In the field of artificial intelligence, a problem is a collection of information that an agent can use to decide what to do. Different types of problems are defined in different ways, but the most basic problem, the single-state problem, is defined by 4 characteristics:

A state is a set of parameters that describe the part of the world at a given point in time that is relevant to the problem. The initial state is the state the agent knows it will be in when it starts. For example, in the two water jugs problem the initial state is "both jugs empty."

An operator is an action that the agent can perform at a given state. Operators available to an agent at the initial state of the water jugs problem are "fill jug 1" and "fill jug 2". The set of all possible operators together with the initial state defines the state space, all possible states that can be reached from the initial space. A path in this state space is simply a series of actions that lead from one state to the next.

The goal test is a test which the agent can apply to a single state description to see if it has "solved" the problem. In the water jugs problem, the goal test would return true when the specified amount of water is in the correct jug. A solution is a path that leads from the initial state to a goal state. A path cost function assigns a cost to a path. An optimal solution to a problem is the least expensive solution possible.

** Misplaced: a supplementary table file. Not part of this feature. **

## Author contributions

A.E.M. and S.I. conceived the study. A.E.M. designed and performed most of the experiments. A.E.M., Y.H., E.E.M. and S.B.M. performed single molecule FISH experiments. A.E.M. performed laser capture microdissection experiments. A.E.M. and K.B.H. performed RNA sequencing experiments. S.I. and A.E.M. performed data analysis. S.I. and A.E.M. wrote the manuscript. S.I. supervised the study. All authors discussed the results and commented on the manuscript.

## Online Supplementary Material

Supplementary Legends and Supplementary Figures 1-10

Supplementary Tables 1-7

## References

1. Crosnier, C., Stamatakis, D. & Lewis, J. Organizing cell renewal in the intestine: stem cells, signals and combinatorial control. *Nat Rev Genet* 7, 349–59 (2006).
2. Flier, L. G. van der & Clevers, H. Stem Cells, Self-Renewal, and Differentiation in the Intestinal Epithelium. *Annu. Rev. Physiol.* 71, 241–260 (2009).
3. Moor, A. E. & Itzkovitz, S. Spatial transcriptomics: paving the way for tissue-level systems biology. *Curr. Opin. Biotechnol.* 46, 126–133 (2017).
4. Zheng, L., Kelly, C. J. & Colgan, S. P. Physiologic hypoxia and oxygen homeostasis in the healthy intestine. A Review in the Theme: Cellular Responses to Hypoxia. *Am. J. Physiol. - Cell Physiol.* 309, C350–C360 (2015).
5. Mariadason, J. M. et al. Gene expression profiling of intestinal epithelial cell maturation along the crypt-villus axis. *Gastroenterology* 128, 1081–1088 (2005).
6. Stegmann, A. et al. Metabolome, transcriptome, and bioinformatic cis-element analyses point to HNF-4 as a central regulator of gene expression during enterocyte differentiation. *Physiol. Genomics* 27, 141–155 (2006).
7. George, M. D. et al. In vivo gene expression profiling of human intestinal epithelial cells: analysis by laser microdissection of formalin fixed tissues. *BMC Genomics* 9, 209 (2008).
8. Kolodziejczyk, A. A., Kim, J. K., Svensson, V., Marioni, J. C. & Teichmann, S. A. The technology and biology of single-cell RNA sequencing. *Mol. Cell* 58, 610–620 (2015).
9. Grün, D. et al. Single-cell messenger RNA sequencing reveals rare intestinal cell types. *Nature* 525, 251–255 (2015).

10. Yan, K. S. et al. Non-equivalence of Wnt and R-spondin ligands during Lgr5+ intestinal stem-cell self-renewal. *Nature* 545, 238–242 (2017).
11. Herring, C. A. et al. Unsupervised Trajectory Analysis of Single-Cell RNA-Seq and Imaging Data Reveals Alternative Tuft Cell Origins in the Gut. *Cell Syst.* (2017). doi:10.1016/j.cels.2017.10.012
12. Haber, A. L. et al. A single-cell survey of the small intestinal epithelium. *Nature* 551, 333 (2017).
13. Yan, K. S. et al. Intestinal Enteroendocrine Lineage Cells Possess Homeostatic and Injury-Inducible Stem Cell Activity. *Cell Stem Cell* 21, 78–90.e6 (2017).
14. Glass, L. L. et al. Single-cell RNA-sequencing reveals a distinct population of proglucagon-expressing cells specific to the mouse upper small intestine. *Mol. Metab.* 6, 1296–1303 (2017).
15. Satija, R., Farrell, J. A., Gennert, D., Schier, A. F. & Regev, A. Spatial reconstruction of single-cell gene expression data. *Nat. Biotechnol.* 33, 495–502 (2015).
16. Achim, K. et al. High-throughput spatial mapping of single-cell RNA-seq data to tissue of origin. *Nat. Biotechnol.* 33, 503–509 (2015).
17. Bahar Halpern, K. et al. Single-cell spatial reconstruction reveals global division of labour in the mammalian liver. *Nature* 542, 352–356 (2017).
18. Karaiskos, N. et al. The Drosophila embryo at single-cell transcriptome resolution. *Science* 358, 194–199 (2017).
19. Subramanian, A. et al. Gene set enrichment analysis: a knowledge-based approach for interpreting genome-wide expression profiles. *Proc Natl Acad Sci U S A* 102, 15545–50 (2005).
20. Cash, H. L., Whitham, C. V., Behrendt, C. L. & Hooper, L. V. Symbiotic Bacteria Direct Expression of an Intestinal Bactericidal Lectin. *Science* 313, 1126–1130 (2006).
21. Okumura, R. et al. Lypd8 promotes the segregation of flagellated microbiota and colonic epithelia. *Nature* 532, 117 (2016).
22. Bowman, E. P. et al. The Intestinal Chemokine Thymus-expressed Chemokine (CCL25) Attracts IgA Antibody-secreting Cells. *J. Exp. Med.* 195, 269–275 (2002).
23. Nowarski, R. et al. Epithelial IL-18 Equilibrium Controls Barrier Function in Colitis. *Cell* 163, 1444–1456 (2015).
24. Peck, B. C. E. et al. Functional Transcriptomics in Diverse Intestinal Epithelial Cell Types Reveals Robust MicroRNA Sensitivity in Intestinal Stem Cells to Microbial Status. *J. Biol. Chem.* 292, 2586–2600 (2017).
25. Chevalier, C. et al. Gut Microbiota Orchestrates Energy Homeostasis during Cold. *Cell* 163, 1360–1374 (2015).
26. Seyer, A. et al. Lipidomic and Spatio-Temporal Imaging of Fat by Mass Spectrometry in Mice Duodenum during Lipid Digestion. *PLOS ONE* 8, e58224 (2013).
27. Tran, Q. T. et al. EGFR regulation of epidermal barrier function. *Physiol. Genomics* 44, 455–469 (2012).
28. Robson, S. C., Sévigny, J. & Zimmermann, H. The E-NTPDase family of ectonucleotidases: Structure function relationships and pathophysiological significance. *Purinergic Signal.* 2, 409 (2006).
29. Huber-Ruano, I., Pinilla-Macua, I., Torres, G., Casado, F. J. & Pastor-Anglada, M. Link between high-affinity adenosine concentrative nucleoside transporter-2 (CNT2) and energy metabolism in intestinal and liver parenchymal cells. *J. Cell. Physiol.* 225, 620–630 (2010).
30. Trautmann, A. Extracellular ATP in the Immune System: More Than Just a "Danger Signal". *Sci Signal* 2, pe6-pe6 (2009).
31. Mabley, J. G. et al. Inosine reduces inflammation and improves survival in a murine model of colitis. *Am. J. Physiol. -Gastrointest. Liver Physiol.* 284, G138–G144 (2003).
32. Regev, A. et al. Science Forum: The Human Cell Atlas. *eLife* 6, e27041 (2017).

Only slight modifications to this definition are necessary for a multi-state problem, such as when the world is not accessible to the agent (i.e., the agent is unable to determine exactly which state it is in at any given point in time). The initial state is replaced by an initial state set, the set of all possible initial states (which may well be the entire state space), and the state space is replaced by the state set space, which is all possible state sets that can be reached from the initial state set. An operator is applied by returning the union of the results of the operator on each individual state in the current state set, and a solution consists of a path that leads to a state set in which all states are goal states.

Prob"lem (?), n. [F. probleme, L. problema, fr. Gr. anything thrown forward, a question proposed for solution, fr. to throw or lay before; before, forward + to throw. Cf. Parable. ]


A question proposed for solution; a matter stated for examination or proof; hence, a matter difficult of solution or settlement; a doubtful case; a question involving doubt.


2. Math.

Anything which is required to be done; as, in geometry, to bisect a line, to draw a perpendicular; or, in algebra, to find an unknown quantity.

Problem differs from theorem in this, that a problem is something to be done, as to bisect a triangle, to describe a circle, etc.; a theorem is something to be proved, as that all the angles of a triangle are equal to two right angles.

Plane problem Geom., a problem that can be solved by the use of the rule and compass. -- Solid problem Geom., a problem requiring in its geometric solution the use of a conic section or higher curve.


© Webster 1913.

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